WASHINGTON — In many ways, the challenges of improving healthcare through technology revolve around data.
It’s a boom time for health IT startups that have been developing mobile devices and tools to collect more data about patients’ adherence to treatment plans, monitor anything from chronic conditions to caloric intake, and any number of other applications.
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At their core, those businesses launched with the vision that more data can address public health issues, reduce the costs of care, improve patient outcomes — or all of the above.
However, with the sharp rise in the volume of health data being created — growing at an annual rate of 40 percent, according to research firm IDC — there emerges the familiar big data challenge of having too much of a good and useful thing. How do you glean insights from these ballooning data sets?
Big Data’s Promise Is in Data Visualization
“Healthcare has so much promise around this,” Christine Carmichael, the head of marketing, government and education at Tableau Software, said at this week’s Health Datapalooza, a conference focused on improving healthcare through data-driven technologies.
Carmichael’s approach: Offer slick visual overlays onto the datasets that can present them with an appropriate level of context, such that nontechnical workers can quickly grasp their import “without heavy reliance on IT resources.”
She adds: “The key to making sense of all of this big data is data visualization. It’s not looking at data in rows and columns and spreadsheets. It’s looking at data visually.”
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Tableau is one of several firms offering software packages to help healthcare professionals and other industries derive meaningful information from their datasets, a field that encompasses novel visualizations, data mining and analytics.
There’s no larger single holder of health data than the federal government, where agencies such as the Food and Drug Administration, National Institutes of Health and Centers for Disease Control and Prevention preside over massive stores of health-related datasets. Increasingly, those agencies are turning that information over to the public, bringing it online in a searchable, machine-readable format in the hopes that researchers and developers will be able to mine the datasets for new insights and to build applications on top of it.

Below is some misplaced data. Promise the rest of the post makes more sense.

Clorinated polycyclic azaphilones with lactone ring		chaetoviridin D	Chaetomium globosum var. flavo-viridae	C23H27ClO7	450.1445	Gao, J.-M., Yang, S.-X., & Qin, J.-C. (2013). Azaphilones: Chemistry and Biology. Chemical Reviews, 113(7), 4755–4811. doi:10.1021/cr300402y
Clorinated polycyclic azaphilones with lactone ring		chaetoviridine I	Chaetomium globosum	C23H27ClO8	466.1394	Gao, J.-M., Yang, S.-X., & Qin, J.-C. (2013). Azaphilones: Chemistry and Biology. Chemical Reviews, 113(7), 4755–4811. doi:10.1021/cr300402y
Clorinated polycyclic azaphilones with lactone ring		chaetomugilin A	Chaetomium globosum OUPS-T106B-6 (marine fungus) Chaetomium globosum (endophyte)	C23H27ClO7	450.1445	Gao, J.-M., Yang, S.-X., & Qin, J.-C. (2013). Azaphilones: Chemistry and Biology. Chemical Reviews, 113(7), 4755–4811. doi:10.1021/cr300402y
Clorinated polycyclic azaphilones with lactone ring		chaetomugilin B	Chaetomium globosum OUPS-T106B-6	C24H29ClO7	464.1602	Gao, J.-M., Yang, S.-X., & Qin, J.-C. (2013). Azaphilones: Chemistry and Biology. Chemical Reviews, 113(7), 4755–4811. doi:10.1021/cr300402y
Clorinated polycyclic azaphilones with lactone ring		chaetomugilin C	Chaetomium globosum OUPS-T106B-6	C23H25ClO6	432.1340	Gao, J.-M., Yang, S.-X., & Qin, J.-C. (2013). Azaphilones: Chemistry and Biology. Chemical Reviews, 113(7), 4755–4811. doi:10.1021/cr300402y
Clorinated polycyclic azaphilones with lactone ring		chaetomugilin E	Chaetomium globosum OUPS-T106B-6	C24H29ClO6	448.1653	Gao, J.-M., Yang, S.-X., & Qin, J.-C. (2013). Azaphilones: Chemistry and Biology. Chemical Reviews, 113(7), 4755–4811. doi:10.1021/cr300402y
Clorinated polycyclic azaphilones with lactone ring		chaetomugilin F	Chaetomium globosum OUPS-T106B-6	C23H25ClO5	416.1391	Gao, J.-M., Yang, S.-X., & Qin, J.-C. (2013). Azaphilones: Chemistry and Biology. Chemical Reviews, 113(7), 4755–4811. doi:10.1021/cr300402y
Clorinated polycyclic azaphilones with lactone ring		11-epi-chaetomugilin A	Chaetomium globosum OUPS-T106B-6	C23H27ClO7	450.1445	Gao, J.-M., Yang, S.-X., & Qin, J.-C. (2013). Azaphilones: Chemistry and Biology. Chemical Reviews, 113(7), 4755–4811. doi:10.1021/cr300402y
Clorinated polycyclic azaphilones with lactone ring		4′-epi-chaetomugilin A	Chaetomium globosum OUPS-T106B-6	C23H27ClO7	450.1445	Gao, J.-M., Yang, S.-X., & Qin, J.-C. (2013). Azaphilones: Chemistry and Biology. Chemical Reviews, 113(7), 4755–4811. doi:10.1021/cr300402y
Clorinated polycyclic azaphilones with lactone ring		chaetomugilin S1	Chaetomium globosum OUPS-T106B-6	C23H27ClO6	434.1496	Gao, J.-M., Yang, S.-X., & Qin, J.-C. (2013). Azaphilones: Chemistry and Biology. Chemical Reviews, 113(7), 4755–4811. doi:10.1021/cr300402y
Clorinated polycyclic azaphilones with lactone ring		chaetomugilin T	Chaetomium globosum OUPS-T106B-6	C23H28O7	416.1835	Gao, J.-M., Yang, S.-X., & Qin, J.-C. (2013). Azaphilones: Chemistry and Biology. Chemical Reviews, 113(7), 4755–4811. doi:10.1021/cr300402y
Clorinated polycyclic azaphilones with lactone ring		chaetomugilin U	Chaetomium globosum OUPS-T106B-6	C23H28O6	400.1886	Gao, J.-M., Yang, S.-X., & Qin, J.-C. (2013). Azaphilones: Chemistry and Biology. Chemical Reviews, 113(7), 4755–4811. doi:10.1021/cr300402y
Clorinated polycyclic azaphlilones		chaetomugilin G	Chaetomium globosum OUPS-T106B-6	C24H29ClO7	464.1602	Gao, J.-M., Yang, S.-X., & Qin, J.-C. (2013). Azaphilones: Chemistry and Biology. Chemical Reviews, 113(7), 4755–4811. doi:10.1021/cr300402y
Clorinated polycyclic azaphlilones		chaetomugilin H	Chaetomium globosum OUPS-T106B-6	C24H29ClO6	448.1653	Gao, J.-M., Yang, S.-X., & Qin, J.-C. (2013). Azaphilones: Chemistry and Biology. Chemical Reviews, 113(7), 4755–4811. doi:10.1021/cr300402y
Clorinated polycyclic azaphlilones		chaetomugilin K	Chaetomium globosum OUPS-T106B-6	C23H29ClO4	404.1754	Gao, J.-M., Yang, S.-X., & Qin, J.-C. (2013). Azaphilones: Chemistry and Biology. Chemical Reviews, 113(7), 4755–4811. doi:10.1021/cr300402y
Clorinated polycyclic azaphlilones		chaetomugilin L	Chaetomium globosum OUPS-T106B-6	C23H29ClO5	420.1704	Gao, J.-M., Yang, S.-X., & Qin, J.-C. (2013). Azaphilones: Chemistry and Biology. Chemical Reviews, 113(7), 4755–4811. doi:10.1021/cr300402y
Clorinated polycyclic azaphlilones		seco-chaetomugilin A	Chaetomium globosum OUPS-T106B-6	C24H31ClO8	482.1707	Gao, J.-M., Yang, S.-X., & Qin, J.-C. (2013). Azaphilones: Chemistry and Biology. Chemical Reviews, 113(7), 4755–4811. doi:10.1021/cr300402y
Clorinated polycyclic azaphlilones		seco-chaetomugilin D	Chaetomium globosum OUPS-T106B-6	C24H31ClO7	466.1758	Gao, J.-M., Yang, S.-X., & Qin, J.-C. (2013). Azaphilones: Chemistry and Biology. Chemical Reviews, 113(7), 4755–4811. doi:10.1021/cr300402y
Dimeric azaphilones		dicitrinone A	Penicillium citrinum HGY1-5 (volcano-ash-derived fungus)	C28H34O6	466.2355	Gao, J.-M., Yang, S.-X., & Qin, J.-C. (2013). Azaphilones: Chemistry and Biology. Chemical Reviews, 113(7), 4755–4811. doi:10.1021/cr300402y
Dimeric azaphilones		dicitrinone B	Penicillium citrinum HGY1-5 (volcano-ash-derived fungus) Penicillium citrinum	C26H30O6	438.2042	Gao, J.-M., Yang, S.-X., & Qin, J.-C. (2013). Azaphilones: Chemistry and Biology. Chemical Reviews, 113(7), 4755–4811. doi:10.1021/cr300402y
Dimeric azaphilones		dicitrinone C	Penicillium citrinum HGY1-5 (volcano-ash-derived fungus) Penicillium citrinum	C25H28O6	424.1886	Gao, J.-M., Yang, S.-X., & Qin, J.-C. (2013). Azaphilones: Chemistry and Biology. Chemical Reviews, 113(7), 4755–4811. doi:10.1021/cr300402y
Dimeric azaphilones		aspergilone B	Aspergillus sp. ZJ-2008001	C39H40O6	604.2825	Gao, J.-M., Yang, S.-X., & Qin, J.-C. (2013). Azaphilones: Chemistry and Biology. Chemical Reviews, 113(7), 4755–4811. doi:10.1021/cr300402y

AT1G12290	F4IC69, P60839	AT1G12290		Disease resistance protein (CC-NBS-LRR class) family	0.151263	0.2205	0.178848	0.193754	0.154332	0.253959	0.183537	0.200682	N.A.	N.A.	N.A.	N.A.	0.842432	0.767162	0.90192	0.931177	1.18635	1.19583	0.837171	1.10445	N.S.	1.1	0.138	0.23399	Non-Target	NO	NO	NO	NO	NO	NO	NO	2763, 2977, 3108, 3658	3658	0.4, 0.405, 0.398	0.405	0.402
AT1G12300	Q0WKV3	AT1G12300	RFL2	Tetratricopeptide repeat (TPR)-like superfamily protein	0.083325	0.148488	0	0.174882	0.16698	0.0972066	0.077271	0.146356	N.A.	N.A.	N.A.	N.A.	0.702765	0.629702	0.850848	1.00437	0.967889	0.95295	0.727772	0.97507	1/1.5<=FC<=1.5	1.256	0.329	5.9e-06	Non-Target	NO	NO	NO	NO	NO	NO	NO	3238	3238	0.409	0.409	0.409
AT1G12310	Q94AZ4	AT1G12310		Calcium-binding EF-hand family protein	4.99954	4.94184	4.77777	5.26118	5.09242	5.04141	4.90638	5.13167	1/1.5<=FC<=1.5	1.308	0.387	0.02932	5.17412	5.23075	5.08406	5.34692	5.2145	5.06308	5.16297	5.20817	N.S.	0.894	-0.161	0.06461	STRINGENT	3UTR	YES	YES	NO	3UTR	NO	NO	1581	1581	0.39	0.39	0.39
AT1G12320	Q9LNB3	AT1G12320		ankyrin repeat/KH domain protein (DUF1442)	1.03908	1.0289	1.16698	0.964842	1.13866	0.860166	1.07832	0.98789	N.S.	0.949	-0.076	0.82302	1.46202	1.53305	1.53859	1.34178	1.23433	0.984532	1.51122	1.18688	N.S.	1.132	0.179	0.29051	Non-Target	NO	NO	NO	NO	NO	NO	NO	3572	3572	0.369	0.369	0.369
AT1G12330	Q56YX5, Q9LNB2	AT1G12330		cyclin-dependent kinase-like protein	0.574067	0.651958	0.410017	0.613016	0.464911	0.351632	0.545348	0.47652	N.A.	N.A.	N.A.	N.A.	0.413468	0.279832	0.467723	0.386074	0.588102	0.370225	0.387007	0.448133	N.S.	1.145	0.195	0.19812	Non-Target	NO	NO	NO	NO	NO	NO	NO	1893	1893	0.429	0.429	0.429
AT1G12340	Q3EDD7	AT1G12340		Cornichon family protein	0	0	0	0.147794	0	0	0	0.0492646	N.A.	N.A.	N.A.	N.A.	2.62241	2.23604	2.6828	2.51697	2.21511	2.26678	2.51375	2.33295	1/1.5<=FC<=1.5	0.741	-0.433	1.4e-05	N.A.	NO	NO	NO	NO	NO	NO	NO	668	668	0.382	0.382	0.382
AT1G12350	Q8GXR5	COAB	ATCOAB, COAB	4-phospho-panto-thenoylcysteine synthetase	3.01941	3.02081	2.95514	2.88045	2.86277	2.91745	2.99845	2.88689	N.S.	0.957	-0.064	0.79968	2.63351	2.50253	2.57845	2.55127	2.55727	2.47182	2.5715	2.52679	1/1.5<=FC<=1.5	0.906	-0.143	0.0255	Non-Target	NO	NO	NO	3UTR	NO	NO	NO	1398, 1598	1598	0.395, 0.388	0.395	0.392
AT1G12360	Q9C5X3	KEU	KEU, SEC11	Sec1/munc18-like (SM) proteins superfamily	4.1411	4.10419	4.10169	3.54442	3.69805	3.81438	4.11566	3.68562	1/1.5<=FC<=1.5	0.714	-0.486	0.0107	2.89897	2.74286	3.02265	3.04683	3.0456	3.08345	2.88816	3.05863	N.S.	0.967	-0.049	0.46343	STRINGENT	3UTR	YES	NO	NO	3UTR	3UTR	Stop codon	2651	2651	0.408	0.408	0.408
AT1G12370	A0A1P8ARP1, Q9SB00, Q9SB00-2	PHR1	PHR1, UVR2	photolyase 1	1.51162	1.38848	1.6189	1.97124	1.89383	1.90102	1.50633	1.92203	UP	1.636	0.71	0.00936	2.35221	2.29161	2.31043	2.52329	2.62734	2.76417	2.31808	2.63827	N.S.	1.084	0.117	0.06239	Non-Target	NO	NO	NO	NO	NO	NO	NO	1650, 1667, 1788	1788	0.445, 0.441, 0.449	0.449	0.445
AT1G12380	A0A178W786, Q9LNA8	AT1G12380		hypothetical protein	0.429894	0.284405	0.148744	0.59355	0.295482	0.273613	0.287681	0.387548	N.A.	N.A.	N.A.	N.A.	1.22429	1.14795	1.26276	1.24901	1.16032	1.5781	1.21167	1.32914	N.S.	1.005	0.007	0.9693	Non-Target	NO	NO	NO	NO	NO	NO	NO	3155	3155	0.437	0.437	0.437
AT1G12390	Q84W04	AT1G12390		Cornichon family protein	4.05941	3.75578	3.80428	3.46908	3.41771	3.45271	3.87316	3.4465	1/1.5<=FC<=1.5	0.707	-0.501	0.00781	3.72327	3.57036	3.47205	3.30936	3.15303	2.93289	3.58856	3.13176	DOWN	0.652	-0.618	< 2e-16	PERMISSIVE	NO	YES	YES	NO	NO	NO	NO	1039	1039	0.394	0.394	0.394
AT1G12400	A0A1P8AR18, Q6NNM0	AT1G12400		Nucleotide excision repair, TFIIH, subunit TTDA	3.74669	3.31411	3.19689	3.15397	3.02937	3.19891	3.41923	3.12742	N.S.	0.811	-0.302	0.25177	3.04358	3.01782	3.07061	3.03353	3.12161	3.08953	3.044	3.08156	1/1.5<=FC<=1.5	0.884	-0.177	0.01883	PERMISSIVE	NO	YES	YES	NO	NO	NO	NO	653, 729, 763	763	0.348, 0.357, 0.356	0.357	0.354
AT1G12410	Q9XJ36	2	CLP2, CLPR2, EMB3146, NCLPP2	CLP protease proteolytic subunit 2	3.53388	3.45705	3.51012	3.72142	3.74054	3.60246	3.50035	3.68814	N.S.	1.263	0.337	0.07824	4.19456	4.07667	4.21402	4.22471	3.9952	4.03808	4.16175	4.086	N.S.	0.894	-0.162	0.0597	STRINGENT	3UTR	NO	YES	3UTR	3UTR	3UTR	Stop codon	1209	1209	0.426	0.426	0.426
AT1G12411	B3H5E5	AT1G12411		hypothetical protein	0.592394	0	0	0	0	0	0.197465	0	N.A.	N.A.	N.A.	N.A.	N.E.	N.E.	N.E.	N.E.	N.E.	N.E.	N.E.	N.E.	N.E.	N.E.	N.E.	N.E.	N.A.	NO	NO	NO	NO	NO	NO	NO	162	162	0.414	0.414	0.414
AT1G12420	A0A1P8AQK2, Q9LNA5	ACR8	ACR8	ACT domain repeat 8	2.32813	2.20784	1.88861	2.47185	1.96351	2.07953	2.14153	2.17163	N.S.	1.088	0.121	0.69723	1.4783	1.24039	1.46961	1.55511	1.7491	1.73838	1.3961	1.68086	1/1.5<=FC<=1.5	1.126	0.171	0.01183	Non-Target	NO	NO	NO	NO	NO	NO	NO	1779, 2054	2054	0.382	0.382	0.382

Hard to Get Health Data in Right Hands
For the companies that gather their own data in the field, offering technologies such as sensors that relay health information from patients or sending SMS messages to communicate with patients, the collection and use of data can pose other challenges.
One of those is physician buy-in. It’s no secret that there’s a wide spectrum within the ranks of care providers in the level of acceptance of new technologies. This creates an adoption challenge for health IT firms.
Take Sense Health, a firm catering to harried care providers. Sense Health offers automated tools to help them put together a plan of care and follow-up with patients via text message, with the aim of carrying on an ongoing, two-way dialogue that would boost patients’ adherence to their health regimen.
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Through those messages, Sense Health generates volumes of data points about individual interactions with a patient. The real utility of the service, though, comes in packaging that information in such a way that it can help physicians evaluate and potentially adjust their treatment plans, according to Stan Berkow, founder and CEO of the startup.
“It’s part of our job with the data we’re collecting to give them the insights they need to utilize it,” Berkow said, adding that data capture isn’t about throwing data at physicians so they can make sense of it. “It’s an effort for us to make sense of that and deliver them the insights … Not that that’s the easiest thing to do, but I think that full package needs to come with any product or technology coming out.”
Kenneth Corbin is a Washington, D.C.-based writer who covers government and regulatory issues for CIO.com. Follow everything from CIO.com on Twitter @CIOonline, Facebook, Google + and LinkedIn.